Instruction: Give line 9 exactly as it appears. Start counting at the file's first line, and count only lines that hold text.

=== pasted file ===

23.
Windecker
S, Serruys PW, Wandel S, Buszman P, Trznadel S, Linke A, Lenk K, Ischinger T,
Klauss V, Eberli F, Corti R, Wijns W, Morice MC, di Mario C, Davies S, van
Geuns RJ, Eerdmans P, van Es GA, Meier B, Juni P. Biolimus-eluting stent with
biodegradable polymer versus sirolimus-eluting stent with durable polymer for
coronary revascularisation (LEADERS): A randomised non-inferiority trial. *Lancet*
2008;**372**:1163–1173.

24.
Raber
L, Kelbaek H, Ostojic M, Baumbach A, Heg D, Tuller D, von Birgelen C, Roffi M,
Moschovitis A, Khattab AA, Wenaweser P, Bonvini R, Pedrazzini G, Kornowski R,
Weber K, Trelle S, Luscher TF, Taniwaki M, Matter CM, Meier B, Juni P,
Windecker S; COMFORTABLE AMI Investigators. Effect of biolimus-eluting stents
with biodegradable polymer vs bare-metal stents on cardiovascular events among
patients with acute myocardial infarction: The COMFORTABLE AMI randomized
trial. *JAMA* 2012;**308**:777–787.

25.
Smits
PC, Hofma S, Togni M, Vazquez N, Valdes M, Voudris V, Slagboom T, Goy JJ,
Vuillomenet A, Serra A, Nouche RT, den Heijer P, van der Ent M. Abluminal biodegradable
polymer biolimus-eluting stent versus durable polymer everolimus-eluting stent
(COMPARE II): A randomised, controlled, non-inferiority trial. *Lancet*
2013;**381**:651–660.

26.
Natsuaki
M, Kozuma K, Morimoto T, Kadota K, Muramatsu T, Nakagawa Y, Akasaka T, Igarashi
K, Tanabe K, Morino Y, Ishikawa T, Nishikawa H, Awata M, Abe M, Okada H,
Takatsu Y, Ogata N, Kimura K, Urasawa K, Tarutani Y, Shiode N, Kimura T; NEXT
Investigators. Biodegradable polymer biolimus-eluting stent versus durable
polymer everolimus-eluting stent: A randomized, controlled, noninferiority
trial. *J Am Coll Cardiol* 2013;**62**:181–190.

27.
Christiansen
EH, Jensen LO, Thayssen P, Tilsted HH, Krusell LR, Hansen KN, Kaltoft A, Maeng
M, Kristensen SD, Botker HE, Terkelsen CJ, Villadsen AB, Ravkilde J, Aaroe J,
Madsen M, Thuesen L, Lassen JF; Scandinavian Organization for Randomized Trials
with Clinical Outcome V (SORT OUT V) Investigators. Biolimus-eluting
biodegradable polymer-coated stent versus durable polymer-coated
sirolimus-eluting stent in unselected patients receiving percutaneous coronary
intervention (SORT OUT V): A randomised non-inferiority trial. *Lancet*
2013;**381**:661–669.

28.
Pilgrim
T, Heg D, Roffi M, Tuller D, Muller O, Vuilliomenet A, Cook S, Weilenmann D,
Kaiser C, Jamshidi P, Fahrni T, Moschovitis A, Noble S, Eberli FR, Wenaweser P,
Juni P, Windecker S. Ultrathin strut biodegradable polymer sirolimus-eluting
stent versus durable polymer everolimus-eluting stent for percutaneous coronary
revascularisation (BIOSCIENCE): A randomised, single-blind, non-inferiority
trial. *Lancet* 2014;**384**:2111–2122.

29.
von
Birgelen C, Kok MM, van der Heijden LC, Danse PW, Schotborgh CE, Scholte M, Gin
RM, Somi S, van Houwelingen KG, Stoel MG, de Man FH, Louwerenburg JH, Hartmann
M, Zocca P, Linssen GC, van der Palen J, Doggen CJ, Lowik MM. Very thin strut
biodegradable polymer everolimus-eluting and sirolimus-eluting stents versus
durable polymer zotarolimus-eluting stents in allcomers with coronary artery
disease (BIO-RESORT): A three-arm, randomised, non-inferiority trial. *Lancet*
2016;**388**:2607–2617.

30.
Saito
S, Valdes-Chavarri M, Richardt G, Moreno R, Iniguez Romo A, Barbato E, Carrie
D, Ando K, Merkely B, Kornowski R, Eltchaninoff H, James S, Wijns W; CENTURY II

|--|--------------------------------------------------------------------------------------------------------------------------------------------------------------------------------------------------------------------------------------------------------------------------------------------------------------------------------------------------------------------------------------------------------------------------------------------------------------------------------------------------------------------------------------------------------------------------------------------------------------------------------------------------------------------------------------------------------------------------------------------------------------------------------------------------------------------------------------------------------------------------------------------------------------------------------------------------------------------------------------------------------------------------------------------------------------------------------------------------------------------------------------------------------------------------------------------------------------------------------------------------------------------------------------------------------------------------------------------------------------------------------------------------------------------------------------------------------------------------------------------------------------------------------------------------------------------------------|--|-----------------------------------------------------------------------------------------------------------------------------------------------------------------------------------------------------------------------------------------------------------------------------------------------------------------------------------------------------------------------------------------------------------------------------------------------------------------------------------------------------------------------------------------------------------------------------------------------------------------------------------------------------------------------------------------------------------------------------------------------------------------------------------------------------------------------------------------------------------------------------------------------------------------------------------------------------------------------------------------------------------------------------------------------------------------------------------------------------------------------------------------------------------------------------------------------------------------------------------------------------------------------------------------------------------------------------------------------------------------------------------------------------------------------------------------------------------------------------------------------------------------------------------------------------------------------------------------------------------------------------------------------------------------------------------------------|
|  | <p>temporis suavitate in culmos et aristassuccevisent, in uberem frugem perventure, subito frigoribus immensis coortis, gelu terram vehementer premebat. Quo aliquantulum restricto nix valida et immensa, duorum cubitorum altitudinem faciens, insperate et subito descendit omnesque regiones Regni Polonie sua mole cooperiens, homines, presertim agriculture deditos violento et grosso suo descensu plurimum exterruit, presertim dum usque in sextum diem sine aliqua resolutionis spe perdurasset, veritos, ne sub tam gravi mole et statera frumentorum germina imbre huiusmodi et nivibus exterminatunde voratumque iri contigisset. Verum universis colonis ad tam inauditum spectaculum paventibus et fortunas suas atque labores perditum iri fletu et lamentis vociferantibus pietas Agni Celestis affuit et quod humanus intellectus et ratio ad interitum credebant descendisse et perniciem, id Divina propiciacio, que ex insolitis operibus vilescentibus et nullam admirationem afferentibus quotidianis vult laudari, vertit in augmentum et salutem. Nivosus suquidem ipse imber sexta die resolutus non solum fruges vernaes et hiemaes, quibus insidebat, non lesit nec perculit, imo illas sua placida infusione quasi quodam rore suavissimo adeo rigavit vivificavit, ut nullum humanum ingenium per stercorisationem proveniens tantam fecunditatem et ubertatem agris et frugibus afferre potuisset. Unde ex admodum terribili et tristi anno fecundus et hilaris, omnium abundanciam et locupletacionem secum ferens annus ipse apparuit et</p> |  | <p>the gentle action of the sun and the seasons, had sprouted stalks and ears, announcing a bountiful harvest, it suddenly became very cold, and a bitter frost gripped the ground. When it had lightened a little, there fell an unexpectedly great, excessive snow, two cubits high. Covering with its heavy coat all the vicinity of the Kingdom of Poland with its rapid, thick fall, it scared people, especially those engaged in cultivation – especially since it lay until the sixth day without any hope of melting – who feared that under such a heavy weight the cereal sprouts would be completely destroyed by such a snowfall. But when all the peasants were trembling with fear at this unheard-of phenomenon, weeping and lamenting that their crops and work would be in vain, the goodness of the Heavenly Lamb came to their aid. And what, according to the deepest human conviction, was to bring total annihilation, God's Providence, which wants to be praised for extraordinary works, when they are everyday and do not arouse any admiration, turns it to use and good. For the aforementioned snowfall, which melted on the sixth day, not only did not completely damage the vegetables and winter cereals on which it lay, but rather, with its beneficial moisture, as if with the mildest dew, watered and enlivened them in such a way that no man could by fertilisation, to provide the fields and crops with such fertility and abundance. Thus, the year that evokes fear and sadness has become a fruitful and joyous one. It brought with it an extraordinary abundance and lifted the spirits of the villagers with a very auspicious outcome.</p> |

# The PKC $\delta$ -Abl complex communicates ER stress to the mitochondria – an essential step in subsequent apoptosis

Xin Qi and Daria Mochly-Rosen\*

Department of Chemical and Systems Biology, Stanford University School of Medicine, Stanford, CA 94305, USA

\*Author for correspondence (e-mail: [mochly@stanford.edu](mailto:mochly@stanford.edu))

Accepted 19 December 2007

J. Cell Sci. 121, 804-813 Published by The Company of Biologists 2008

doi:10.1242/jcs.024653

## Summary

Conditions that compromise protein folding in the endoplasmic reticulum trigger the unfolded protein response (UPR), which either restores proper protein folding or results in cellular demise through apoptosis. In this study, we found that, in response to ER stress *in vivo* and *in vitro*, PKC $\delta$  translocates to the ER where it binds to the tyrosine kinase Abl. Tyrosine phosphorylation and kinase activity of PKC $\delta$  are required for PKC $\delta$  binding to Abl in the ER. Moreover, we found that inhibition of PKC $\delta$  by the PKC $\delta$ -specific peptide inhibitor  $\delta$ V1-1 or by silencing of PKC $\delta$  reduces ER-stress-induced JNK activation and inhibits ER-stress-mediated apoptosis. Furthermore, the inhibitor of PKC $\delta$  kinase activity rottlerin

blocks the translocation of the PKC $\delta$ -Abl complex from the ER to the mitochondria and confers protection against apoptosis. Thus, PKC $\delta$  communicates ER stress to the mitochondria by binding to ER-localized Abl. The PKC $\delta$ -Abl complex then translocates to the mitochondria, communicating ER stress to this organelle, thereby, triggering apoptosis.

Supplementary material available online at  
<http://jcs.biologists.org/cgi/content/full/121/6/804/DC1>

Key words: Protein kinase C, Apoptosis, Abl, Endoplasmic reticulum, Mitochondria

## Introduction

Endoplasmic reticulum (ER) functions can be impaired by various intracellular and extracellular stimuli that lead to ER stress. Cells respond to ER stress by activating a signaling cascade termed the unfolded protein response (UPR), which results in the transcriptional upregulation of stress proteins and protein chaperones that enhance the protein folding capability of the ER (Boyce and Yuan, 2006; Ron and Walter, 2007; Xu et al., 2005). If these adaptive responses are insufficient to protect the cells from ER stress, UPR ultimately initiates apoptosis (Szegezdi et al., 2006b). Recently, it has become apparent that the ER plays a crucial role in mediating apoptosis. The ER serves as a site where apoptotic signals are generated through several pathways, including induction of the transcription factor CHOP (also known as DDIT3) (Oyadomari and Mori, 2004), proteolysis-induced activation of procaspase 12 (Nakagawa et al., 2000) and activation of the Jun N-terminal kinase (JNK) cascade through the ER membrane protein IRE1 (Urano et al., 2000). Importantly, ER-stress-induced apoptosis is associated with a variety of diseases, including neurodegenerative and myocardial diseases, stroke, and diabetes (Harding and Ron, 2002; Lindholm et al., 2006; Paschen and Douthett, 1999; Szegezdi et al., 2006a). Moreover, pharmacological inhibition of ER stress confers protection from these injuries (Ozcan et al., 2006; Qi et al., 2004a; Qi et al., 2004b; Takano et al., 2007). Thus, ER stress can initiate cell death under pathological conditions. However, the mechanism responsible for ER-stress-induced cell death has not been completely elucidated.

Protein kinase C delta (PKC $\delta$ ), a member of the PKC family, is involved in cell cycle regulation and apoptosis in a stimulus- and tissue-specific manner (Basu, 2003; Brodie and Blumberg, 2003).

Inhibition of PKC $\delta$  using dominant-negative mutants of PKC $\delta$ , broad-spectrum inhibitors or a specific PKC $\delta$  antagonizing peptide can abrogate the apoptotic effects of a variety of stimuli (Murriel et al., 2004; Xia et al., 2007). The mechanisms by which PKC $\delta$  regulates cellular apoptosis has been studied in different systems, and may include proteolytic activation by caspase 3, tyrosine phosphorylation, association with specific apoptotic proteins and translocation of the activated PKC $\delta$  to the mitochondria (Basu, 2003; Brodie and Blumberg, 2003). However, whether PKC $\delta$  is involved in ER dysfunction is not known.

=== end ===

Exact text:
24.